The 27 EU countries are spending more on social protection because of the poorly performing economy, with total expenditure having increased by around 10% between 2007 and 2010, according to new figures from Eurostat.
Benefits for families, pensions and healthcare all rose by about 10% in 2010. At the same time expenditure on unemployment increased by 33%.
In 2010 and 2011, the average unemployment rate in the 27 EU member states was 9.7%. Since then the unemployment rate has risen to 10.6%, according to Eurostat.
The two main sources of funding were social contributions (56%) and general government contributions from taxes (40%). The economic slump is entering its fifth year.
However, the data from the EU's statistical office also showed great disparities between the member states.
The countries that spent the most of GDP on social protection were France (33.8%), Denmark (33.3%) and the Netherlands (32.1%). Romania spent the least at 17.6%, closely followed by Latvia at 17.8%.
"These disparities reflect differences in living standards, but are also indicative of the diversity of national social protection systems and of the demographic, economic, social and institutional structures specific to each member state," Eurostat said.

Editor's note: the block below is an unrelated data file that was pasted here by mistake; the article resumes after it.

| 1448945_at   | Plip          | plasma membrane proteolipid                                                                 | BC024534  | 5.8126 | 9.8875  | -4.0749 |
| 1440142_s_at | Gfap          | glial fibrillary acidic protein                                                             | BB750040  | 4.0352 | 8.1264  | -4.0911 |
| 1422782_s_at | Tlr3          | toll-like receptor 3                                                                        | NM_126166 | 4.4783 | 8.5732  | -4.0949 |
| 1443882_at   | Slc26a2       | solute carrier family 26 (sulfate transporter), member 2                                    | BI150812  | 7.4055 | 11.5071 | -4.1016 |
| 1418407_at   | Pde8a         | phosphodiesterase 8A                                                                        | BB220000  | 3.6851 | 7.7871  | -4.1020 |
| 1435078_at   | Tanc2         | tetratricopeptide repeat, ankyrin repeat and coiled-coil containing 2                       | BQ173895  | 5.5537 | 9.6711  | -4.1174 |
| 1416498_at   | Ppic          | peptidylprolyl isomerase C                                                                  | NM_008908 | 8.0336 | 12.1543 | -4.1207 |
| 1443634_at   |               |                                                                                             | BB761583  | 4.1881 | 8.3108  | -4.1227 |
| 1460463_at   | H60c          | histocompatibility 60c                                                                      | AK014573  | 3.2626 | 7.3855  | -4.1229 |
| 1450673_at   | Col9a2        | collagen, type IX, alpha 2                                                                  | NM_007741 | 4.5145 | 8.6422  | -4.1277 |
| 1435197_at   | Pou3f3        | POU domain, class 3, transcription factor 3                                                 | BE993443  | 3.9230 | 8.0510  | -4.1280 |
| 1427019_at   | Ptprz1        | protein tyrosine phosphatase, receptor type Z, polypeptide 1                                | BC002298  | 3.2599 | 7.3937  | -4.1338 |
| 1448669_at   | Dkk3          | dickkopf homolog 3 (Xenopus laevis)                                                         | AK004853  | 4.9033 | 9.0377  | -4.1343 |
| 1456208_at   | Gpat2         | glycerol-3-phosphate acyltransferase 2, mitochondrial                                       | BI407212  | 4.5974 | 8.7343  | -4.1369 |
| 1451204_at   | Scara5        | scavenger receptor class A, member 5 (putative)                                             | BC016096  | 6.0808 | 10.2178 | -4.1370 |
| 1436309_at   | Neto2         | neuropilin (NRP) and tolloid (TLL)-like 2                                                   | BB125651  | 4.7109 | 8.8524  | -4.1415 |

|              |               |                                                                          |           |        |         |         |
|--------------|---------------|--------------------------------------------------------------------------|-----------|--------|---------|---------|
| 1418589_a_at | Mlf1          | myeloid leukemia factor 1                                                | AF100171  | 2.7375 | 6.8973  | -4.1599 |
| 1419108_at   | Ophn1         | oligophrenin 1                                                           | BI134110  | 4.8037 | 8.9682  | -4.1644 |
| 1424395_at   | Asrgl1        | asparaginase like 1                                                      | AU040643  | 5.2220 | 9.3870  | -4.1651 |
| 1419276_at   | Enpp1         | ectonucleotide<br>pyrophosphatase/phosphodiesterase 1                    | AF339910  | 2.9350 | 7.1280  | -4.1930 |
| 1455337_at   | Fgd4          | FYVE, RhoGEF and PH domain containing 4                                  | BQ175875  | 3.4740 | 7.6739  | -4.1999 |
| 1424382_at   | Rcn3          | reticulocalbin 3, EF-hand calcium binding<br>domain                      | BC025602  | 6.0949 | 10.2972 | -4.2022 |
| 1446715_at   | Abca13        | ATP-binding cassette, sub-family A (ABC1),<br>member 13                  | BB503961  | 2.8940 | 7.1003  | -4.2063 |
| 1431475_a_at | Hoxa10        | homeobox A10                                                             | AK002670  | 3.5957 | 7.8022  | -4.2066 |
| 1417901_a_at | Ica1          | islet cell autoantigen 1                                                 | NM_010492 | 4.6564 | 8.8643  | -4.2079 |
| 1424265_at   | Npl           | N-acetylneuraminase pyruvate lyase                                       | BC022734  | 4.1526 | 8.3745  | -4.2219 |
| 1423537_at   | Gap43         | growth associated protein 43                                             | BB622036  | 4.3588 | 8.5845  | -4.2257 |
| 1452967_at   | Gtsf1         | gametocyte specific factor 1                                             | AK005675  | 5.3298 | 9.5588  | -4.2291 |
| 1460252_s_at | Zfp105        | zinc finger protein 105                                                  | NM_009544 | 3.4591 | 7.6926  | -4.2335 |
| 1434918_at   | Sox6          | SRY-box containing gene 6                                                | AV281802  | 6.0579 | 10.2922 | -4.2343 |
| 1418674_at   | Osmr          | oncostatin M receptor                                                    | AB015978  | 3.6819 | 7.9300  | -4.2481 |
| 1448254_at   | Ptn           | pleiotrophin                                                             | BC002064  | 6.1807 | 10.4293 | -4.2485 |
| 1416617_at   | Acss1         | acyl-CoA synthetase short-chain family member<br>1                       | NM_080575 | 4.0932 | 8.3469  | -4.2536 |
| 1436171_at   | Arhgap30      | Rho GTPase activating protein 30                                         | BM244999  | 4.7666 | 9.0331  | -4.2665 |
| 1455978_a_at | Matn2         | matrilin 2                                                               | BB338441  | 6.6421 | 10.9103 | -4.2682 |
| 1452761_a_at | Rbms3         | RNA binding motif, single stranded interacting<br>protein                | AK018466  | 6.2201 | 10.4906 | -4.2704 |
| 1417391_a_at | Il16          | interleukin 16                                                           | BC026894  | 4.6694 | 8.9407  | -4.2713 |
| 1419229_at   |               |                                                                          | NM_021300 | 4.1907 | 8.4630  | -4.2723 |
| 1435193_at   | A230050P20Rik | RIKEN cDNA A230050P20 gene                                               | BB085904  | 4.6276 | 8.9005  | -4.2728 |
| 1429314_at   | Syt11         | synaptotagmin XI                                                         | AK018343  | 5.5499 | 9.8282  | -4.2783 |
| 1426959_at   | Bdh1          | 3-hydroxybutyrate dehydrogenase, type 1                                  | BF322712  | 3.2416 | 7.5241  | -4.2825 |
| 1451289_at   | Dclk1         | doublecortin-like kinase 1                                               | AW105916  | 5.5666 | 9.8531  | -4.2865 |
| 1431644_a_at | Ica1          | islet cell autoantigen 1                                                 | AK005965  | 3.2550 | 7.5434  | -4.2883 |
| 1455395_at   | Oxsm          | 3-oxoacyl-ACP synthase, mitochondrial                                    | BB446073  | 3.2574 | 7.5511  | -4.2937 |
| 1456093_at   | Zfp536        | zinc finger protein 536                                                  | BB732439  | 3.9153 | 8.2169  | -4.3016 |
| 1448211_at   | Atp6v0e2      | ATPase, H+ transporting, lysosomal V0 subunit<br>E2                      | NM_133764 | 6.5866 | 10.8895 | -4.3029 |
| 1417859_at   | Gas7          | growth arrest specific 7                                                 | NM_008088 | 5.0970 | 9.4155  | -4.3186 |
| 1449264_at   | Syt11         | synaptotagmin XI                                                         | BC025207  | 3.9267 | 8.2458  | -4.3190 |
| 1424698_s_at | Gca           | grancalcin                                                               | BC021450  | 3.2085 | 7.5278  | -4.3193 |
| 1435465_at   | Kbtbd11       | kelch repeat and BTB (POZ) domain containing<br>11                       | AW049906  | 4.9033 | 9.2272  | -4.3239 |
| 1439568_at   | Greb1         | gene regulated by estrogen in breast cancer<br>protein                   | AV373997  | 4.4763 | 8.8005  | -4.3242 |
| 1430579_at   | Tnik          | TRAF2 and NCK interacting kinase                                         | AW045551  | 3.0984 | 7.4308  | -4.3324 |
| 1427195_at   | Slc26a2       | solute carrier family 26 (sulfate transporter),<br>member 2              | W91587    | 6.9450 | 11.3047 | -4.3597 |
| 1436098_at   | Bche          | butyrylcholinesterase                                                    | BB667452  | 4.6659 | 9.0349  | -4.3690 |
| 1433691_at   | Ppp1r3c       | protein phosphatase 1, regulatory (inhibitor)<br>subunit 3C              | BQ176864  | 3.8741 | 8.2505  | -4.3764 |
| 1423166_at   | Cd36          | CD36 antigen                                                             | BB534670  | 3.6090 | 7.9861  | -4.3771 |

After eliminating cost differences between countries, the social protection expenditure per capita was nearly eight times higher in Luxembourg than in Bulgaria.
After Luxembourg, the highest spending per capita was recorded in the Netherlands and Denmark at over 40% above the average of the 27 member states, followed by Austria, Ireland and Sweden at 30% above the average. Romania and Bulgaria registered the lowest pending per capita at less than 30% of the EU average.
Of the total social benefits in 2010, old age and survivors benefits accounted on average for 45%, health care benefits amounted to 37% while family benefits represented 8%.
Although healthcare benefits were the second largest social benefit in 2010, a recent report by the Commission and the Organisation for Economic Cooperation and Development found that from an annual average growth rate of 4.6% between 2000 and 2009, health spending per capita in Europe fell 0.6% in 2010, the first time it has dropped since 1975.